Gregory D. Abowd

Gregory D. Abowd.    Georgia Tech (USA)
Keynote title: Moving beyond Weiser’s ubiquitous computing.

Abstract: In the late 1980’s, Mark Weiser defined ubiquitous computing as the third generation of computing, and much of his vision of computing technology has been realized. Nearly three decades later, it is appropriate to reflect on Weiser’s definition of the third generation and ask what the next generation of computing might be. Interestingly, a fourth generation of computing technologies has already arrived and has been with us for nearly a decade. This fourth generation of computing is marked by the emergence of three important technologies —the cloud, the crowd, and the shroud of devices that envelop the physical world and connect it to the digital world. This new era, which I currently refer to as "collective computing" represents a more seamless amalgamation of machine-run algorithms and the collective intelligence of humans. I will provide an example of an application of collective computing with the cloud/crowd/shroud technologies, and discuss some interesting remaining technology challenges. If time permits, I will speculate on a coming 5th generation of computing that recognizes the limitations of Moore’s Law thinking.
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Diego López-de-Ipiña

Diego López-de-Ipiña.    Deusto Institute of Technology, University of Deusto (Spain)
Keynote title: Bringing together Smart Things and People to realize Smarter Environments.

Abstract: The quest for realizing Smart Environments has taken place for the last 30 years. Diverse adaptations of the original UbiComp vision have been developed, each highlighting diverse aspects who have been considered critical to enable a wider and more acceptable adoption of Smart Environments. Notable examples of such interesting adaptations are Context-aware Computing, Sentient Computing, Ambient Intelligence, Ambient Assisted Living and Internet of Everything. Under those different umbrella terms, researchers have explored the three stage enabling equation for Smart Environments, i.e. “SENSE + PROCESS = ACT”, spaces where the environment is aware of the needs, profiles and preferences from the sensed users and accommodates its behavior to ease their daily interactions. Contributions around these different perspectives and applied to distinct environments, i.e. Smart Offices, Smart Homes, Smart Factories or Smart Cities, have been produced, all addressing the challenges posed by ever more complex systems of systems populated by multiple users. This talk will exemplify research results on how to accomplish these three core steps. Firstly, in the SENSE part, the importance of location sensing and the spread of low cost highly dense sensing environments (RFID, NFC or low range Bluetooth) will be described. Secondly, the PROCESS stage where ever more sophisticated analytics mechanisms to take into account historic and real-time data are considered, combining domain-driven (rules) and data-driven solutions, will be analysed. Thirdly, the ACT stage will be explored, considering the evolution from reactive to learning persuasive environments which aim to collaborate with their users. Thus, a middle ground fostering collaboration between smart things and people will be defended giving place to Smarter environments. The implications of the Smarter environments approach will be illustrated with use cases in the Open Government and Efficient Energy Management domains.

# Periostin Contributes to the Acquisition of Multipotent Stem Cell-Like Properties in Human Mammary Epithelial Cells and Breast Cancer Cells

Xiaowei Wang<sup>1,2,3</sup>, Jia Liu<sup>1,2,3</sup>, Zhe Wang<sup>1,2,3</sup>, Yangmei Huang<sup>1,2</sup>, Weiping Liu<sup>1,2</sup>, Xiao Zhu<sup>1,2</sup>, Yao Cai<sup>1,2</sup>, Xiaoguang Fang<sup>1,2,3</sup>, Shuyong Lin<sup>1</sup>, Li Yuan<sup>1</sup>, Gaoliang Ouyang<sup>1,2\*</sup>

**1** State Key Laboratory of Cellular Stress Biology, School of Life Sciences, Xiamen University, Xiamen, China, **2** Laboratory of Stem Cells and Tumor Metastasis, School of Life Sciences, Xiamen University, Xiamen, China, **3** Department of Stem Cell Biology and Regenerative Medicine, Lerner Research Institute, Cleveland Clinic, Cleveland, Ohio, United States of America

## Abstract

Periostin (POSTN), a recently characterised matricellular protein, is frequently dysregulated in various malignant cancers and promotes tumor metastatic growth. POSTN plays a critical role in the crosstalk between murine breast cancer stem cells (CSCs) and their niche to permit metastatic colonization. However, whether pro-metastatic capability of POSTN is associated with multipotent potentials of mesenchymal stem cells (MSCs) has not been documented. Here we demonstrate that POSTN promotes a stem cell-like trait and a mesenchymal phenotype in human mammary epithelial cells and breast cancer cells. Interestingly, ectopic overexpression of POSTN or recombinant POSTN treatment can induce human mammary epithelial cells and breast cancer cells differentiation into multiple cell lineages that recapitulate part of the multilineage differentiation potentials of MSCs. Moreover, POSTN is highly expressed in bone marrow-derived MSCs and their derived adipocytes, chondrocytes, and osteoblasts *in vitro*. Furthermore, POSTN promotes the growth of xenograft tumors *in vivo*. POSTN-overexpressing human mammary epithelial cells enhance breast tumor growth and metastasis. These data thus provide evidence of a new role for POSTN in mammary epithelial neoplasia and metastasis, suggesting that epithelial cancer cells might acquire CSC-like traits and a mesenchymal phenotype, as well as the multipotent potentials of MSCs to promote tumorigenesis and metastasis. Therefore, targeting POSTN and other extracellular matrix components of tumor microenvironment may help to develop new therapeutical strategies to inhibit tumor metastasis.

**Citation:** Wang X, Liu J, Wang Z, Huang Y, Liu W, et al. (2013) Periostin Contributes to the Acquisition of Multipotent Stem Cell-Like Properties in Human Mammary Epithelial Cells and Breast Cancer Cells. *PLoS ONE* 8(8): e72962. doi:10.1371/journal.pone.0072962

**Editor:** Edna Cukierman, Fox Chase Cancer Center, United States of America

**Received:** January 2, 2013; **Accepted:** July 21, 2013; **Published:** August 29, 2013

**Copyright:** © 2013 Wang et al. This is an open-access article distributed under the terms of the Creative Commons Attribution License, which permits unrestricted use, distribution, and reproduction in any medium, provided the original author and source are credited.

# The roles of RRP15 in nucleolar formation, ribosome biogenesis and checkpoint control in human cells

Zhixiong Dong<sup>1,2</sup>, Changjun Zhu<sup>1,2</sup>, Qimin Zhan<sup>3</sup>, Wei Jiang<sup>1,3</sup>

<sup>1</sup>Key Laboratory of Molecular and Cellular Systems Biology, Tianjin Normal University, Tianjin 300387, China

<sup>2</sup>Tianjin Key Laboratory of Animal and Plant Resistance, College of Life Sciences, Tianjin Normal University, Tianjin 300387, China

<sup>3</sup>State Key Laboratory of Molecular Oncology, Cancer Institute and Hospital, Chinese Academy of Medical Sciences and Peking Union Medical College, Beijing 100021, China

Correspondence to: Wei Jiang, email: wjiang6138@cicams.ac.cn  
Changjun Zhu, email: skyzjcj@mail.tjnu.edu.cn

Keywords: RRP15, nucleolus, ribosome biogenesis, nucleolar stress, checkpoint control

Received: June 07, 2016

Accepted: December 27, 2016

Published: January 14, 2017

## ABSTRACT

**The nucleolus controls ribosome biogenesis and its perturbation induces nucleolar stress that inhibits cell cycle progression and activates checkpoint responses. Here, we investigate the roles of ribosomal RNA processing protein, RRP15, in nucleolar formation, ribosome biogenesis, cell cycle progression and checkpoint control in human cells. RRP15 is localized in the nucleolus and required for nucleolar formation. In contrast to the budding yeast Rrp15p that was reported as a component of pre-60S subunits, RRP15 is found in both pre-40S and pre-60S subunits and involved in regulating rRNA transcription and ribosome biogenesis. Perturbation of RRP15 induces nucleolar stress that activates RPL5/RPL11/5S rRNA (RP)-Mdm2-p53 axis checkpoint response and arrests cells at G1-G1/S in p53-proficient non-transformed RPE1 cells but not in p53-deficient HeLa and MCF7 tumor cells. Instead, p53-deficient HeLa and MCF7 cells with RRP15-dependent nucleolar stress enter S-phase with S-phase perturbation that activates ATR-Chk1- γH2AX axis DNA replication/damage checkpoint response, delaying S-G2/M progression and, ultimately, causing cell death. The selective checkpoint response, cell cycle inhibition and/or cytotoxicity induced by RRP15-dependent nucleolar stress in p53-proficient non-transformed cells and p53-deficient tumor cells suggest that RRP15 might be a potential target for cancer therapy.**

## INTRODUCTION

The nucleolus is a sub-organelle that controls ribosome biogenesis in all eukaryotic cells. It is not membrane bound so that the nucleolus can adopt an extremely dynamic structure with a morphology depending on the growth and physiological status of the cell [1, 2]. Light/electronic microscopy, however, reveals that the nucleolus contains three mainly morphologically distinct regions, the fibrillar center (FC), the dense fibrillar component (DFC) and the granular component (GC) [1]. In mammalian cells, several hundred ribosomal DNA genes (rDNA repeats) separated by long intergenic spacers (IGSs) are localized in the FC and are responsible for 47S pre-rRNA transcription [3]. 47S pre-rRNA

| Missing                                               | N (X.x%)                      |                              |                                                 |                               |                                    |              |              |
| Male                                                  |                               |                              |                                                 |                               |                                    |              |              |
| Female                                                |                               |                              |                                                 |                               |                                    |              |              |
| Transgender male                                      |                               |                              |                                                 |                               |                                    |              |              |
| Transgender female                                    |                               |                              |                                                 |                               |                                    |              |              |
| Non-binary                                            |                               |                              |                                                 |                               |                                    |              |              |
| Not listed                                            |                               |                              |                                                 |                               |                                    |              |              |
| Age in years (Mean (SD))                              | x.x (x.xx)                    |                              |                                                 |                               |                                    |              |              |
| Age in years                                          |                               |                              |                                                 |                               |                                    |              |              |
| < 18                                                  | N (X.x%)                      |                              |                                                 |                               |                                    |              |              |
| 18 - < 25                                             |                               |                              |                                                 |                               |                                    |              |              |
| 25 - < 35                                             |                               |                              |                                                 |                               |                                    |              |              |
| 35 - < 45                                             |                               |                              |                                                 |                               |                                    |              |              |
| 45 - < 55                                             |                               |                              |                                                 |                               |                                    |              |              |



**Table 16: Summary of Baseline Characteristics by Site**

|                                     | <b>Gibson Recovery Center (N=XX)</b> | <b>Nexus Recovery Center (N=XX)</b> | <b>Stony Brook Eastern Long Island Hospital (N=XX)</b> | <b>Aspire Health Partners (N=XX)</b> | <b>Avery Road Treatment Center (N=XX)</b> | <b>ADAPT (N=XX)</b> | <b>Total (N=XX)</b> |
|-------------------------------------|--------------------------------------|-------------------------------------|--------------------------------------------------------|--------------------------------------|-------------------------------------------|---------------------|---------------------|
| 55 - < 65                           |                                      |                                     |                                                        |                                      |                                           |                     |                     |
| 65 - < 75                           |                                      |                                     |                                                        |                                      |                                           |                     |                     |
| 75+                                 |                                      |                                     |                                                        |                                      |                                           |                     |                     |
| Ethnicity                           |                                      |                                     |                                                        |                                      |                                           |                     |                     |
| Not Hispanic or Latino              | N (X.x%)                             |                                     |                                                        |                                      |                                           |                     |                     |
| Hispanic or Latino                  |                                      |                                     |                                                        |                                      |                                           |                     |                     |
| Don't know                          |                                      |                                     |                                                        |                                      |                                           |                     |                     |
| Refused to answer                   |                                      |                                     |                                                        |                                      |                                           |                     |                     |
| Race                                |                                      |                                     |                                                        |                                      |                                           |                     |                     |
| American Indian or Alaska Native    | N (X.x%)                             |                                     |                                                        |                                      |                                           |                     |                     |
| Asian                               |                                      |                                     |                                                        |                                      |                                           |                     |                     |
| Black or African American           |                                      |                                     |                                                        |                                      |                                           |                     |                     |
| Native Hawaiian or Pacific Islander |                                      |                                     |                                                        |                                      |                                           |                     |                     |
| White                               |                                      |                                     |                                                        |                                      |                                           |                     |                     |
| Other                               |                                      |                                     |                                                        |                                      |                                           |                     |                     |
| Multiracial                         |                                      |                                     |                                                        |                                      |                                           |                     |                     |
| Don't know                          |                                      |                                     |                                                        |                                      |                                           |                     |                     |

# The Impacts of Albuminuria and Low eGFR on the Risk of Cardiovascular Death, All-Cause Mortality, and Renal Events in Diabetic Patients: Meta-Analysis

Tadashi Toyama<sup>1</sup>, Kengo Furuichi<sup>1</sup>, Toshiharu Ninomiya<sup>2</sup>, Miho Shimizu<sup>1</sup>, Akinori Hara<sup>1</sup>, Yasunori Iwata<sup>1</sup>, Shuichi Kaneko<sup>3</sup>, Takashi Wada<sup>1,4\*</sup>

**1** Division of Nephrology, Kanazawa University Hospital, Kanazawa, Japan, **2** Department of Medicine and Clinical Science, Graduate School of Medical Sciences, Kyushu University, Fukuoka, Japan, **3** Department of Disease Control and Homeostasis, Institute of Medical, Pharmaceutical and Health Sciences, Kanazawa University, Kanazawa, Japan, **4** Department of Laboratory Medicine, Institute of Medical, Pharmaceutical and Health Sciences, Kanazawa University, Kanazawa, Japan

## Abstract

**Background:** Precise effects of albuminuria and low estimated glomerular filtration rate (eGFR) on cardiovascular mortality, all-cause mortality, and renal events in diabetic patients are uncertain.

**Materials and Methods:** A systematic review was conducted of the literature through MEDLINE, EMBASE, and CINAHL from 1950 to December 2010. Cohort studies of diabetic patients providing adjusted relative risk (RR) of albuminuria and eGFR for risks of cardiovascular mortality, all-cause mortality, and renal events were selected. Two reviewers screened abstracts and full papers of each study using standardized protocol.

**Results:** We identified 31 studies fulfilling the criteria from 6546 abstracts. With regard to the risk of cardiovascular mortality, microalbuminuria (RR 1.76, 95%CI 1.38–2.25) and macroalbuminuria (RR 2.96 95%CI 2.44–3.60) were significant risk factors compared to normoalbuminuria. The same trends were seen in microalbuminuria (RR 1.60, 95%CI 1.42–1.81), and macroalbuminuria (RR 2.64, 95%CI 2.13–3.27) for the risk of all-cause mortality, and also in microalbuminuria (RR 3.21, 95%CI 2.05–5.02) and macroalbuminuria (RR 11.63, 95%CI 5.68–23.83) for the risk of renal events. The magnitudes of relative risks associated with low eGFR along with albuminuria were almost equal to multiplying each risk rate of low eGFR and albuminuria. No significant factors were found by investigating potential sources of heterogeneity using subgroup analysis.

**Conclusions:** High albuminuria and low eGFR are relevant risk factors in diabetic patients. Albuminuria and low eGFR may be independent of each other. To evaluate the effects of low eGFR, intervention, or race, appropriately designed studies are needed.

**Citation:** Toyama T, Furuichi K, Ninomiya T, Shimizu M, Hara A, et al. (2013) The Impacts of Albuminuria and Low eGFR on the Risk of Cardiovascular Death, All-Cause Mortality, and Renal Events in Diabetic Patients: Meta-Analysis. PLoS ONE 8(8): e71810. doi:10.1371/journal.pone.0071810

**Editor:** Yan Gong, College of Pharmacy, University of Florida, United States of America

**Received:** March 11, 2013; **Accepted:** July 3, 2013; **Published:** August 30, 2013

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Christopher Fabian

Christopher Fabian.    UNICEF Innovation Unit (USA)
Keynote title: UNICEF Innovation: data, science, and an attempt to quantify development.

Abstract: The UNICEF Ventures team, within the Office of Innovation, uses human dynamics, risk modeling, and research to better understand a complex and quickly changing world. This talk will explore trends that most impact children: climate change, war, automation ... and how applications of machine learning and systems analysis can help create global public goods. UNICEF Ventures has a particular focus on “information poverty” - and using probes, data collection, and qualitative research to optimize a child’s access to information and opportunity. More at and @unicefinnovate.
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